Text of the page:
Re: [R] French Curve

From: Ted Harding <>
Date: Sat 02 Apr 2005 - 05:07:59 EST

On 01-Apr-05 Martyn Plummer wrote:
> On Fri, 2005-04-01 at 09:30 +0200, Martin Maechler wrote:

>> >>>>> "dream" == dream home <>
>> >>>>>     on Wed, 30 Mar 2005 12:27:08 -0800 writes:
>>     dream> Dear R experts, Did someone implemented French Curve
>>     dream> yet?  Or can anyone point me some papers that I can
>>     dream> follow to implement it?
>> Are you talking about "splines" ?
>> I vaguely remember having read that in the distant past,
>> splines were sometimes called "French curves".

> I found this:
> G. Wahba and S. Wold, "A completely automatic french curve:
> Fitting splines by cross validation," Commun. Statist.,
> vol. 4, no. 1, pp. 1-17, 1975.
> I remember that my father had a French curve: it was a plastic
> template used for drawing which had several smooth edges of
> varying curvature.
> You could use it to draw a wide variety of curved shapes.
> No doubt the French called it something else.

I still have some, from the 1950s ... The curves in the edges are supposed to be segments of logarithmic spirals (which ensures a kind of self-similarity on different scales). A nice picture is at learnmaterial/tools/frenchcurves.htm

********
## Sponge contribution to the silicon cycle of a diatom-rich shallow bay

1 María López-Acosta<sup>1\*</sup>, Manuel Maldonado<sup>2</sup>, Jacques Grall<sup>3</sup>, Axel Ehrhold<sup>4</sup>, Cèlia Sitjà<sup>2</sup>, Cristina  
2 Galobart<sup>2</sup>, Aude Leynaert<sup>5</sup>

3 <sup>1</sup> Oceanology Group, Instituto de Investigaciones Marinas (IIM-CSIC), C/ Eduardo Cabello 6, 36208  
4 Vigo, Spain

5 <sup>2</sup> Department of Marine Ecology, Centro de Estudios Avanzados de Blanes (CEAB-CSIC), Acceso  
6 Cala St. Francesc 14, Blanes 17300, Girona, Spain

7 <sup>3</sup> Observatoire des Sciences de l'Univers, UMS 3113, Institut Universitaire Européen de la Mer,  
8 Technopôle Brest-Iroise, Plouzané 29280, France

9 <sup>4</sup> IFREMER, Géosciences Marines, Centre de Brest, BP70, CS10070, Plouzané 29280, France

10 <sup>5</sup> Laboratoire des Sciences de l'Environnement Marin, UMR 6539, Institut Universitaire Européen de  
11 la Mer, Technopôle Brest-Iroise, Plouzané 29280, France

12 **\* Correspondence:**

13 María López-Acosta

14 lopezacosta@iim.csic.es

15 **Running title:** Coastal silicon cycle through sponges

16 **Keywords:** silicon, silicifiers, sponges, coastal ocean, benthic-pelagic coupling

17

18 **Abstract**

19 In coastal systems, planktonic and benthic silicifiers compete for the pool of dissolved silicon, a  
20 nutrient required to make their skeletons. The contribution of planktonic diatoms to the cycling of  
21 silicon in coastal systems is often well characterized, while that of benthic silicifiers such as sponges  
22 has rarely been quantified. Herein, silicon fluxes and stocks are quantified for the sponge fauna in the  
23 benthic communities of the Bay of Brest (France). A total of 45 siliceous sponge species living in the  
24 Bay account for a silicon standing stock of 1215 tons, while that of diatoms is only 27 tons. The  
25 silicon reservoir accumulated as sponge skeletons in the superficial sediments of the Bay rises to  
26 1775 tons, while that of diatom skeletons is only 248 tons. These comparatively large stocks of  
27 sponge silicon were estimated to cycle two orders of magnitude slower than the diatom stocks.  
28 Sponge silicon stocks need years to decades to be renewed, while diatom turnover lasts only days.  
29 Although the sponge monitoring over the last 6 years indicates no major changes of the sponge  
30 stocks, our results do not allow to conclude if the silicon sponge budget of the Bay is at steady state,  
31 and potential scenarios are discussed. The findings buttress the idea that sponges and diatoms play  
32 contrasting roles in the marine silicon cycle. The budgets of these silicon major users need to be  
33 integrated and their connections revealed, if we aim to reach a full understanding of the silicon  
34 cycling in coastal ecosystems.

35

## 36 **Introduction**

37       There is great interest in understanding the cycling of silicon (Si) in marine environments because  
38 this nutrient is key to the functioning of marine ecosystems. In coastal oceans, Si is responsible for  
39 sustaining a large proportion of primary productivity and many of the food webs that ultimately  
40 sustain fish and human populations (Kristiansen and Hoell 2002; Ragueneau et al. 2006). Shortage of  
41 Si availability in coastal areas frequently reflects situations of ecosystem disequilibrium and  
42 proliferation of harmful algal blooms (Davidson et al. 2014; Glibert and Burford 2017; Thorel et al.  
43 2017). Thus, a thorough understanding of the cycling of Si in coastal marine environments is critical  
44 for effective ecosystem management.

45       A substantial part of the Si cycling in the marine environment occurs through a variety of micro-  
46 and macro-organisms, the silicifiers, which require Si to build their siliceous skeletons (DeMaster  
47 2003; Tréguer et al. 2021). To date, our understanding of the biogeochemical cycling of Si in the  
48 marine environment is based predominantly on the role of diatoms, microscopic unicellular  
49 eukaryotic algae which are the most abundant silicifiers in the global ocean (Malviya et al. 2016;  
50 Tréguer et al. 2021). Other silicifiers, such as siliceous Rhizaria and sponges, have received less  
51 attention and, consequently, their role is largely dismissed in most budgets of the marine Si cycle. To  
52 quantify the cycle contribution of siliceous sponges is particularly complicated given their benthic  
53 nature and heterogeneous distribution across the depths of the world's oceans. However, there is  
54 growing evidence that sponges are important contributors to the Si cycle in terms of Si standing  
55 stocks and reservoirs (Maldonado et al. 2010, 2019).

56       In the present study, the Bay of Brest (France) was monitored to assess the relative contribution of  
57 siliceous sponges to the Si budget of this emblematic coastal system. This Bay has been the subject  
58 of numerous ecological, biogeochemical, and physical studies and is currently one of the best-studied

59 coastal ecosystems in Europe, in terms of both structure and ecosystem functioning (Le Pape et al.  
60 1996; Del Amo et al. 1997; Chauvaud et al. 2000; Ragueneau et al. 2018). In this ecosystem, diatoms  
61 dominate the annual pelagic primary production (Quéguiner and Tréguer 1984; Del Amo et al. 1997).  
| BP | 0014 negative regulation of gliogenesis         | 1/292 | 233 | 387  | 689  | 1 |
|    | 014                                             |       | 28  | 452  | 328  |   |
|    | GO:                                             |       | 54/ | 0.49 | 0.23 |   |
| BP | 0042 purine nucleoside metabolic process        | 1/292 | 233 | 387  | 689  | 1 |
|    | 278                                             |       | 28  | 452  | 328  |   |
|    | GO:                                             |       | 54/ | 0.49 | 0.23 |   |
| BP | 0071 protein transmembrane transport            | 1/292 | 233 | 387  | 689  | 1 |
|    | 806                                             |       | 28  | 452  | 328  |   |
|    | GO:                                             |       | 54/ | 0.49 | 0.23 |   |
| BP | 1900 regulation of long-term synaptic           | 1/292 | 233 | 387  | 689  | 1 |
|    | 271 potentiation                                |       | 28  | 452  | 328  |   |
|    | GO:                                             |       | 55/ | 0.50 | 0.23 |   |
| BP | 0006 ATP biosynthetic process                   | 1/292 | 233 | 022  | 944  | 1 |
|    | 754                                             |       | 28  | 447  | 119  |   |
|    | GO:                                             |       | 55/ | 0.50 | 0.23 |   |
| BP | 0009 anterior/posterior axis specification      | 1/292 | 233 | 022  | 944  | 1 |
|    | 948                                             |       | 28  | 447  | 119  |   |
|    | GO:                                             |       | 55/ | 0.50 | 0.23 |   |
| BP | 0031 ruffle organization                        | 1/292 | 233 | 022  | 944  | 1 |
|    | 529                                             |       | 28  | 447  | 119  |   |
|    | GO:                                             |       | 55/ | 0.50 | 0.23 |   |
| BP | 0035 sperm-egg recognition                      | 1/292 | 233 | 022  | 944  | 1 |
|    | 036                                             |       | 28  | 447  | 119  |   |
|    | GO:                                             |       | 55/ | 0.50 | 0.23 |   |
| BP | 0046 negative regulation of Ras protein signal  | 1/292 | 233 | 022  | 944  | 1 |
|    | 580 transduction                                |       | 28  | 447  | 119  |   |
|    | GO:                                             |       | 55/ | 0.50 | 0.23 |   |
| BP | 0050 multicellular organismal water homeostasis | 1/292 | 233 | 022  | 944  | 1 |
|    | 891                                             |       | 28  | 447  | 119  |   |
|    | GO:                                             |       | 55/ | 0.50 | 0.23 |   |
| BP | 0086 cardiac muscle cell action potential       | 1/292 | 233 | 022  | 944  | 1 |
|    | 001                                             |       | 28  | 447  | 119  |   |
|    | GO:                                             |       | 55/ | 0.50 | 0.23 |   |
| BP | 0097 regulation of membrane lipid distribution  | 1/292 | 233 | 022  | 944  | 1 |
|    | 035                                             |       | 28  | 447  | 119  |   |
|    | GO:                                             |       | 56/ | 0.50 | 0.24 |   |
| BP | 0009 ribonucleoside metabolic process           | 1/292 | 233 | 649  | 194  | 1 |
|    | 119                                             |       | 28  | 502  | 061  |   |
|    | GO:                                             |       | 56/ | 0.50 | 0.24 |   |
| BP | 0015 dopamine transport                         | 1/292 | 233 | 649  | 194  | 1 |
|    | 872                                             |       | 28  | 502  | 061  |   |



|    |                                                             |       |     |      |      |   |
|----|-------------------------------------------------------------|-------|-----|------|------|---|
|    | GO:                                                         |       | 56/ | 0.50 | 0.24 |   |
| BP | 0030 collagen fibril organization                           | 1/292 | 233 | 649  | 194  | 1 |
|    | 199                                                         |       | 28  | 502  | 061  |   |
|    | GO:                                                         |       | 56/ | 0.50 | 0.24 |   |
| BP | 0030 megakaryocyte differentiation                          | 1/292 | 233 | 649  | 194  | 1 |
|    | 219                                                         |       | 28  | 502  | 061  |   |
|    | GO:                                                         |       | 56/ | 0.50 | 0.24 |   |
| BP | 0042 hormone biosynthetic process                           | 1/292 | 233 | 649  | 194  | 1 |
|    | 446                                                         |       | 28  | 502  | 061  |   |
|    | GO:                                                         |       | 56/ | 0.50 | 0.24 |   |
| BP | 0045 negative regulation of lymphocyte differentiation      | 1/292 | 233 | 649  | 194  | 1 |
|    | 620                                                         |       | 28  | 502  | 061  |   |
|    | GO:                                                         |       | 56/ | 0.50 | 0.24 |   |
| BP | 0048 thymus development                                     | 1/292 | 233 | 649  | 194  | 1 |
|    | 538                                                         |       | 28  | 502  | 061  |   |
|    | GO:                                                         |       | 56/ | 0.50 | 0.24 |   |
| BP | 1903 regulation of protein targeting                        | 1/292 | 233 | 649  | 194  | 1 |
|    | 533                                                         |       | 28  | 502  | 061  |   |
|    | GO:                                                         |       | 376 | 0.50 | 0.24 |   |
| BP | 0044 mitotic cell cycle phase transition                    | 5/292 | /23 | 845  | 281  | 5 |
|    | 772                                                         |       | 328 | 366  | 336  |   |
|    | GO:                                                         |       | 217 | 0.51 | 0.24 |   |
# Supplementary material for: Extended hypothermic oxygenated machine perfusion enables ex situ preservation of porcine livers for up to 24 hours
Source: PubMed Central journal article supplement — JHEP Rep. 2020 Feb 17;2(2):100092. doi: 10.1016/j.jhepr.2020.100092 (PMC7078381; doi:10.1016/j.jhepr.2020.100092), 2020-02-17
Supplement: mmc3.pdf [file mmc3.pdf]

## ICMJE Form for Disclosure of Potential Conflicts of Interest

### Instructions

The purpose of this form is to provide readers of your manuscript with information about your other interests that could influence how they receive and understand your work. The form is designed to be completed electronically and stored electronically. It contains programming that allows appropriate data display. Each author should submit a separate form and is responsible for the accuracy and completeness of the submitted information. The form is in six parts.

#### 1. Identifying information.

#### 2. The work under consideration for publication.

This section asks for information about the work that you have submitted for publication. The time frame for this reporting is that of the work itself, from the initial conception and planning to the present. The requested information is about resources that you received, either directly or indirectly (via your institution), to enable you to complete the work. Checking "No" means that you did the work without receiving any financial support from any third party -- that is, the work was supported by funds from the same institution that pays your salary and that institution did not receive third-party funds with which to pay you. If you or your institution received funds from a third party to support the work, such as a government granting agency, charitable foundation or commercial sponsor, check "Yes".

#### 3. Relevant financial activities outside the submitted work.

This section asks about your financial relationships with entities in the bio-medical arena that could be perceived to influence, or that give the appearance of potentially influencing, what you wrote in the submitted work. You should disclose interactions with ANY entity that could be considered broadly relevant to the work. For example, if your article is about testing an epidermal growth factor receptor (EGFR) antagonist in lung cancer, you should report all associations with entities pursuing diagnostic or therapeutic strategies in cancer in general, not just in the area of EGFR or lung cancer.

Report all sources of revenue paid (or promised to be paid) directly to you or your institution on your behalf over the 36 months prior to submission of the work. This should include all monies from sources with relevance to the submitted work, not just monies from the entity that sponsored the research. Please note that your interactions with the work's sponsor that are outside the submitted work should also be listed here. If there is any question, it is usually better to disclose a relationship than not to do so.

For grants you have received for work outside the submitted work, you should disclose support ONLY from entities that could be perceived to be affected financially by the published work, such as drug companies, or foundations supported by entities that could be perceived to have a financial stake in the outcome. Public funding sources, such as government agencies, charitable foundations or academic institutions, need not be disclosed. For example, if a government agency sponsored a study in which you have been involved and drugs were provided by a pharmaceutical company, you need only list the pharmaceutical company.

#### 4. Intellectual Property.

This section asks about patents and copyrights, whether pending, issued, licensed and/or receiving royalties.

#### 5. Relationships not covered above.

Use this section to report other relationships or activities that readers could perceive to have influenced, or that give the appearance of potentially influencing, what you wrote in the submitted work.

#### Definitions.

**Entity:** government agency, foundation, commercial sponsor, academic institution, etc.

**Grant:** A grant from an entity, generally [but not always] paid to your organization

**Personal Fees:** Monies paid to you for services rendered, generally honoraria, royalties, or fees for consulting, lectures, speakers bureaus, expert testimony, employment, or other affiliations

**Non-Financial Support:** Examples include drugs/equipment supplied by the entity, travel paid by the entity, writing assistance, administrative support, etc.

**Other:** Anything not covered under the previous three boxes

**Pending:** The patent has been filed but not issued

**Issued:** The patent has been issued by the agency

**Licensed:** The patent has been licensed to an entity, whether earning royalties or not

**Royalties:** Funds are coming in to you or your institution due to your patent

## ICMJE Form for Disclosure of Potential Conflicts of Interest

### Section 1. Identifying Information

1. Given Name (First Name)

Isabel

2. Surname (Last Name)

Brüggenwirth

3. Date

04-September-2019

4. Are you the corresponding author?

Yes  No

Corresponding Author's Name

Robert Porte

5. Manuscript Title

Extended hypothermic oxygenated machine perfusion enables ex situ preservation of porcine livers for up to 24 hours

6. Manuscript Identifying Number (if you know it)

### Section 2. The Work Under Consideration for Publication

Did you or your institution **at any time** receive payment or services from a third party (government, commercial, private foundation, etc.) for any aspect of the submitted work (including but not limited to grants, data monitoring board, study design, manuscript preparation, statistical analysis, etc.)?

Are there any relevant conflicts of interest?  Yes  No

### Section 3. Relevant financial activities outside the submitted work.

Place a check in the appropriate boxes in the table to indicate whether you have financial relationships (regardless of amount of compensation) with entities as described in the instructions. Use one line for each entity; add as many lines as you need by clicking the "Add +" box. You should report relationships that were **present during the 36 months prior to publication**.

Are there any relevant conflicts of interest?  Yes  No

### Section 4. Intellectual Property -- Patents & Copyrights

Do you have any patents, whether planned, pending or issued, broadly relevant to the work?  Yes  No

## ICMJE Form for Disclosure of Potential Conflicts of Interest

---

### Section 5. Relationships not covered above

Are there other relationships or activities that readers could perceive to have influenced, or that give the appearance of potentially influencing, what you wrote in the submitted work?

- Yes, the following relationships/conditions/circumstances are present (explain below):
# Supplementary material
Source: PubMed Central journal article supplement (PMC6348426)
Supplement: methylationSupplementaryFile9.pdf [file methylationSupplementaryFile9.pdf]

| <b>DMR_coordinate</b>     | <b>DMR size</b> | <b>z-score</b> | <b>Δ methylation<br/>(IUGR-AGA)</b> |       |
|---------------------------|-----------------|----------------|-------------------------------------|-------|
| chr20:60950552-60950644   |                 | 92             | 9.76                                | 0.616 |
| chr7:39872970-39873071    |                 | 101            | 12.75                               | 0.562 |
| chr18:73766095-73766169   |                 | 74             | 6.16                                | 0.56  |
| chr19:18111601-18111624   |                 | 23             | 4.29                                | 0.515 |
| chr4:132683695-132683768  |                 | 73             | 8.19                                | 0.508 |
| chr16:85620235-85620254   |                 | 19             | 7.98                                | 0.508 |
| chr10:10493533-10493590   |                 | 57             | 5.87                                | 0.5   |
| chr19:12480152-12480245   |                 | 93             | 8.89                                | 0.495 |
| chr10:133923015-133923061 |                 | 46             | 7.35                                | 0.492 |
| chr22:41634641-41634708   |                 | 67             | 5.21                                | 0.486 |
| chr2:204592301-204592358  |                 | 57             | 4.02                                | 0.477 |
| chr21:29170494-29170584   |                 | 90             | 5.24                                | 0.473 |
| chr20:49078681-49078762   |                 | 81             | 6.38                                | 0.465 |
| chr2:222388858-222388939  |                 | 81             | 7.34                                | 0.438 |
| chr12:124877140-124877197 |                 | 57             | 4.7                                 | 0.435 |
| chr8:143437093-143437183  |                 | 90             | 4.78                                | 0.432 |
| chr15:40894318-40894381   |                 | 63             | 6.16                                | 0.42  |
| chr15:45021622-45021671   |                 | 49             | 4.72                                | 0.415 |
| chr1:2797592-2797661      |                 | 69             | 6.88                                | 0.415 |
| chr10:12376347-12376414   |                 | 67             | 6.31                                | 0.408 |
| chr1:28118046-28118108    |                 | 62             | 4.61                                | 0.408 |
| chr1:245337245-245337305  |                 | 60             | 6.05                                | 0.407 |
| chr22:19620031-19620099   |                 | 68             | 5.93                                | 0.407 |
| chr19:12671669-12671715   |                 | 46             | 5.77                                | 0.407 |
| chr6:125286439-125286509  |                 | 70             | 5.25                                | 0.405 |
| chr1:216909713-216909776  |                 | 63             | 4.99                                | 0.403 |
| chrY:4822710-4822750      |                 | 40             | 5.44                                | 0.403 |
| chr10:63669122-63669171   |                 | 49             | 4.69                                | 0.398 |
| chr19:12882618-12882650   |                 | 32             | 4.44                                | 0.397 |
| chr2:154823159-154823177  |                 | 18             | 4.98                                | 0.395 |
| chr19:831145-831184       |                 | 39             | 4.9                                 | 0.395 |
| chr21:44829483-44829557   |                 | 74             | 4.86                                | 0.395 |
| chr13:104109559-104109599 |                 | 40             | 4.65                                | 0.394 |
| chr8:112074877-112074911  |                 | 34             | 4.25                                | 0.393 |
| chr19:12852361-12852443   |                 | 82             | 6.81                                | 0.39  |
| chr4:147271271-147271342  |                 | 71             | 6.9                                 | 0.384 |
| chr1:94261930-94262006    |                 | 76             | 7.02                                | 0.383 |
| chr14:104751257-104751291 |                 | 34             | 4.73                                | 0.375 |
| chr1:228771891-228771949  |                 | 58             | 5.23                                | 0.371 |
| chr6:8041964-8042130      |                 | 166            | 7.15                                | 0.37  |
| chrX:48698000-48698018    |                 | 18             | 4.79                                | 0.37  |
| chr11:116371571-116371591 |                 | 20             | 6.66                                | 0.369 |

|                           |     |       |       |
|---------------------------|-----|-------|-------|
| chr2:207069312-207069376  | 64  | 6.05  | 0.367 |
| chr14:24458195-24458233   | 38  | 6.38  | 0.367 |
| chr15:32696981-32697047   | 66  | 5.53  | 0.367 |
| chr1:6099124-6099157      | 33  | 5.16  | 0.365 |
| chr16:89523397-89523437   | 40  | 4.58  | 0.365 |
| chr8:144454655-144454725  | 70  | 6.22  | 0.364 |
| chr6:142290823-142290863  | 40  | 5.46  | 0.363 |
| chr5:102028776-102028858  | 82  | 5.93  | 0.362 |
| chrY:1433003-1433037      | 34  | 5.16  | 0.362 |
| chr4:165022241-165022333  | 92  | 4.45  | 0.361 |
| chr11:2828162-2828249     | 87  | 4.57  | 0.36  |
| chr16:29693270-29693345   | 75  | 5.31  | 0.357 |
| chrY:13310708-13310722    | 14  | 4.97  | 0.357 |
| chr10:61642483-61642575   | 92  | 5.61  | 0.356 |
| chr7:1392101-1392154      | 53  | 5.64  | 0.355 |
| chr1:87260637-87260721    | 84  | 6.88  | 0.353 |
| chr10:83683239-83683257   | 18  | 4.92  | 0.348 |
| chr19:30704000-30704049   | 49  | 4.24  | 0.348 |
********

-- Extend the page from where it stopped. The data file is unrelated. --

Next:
Splines, in the drawing-office sense, were long narrow (about 1/4 inch wide) strips of thin springy metal with, along their length, little flanges at right-angles to the plane of the strip. Each little flange had a hole in it.

The principle was that you would pinthe flanges to the drawing-board at chosen points by pushing drawing-pins through the holes. The metal strip then stood up at a right-angle to the paper.

The flanges were attached in such a way that you could slide them along the metal strip. (Or you could use a strip without flanges, and special pins which raised little pillars up from the paper, against which the spline would press.)

The end result was that the metal strip then defined a curve on the paper, and you could run a pencil along it and draw a curve on the paper (taking care not to press too hard against the metal, to avoid deforming the curve).

By virtue of the laws of elasticity, the curve delineated by the metal strip had a continuous second derivative, i.e. what modern kids call a second-derivative-continuous piecewise cubic spline.

We have not moved on.

Happy whatever it is to all,

E-Mail: (Ted Harding) <> Fax-to-email: +44 (0)870 094 0861
Date: 01-Apr-05                                       Time: 20:07:59
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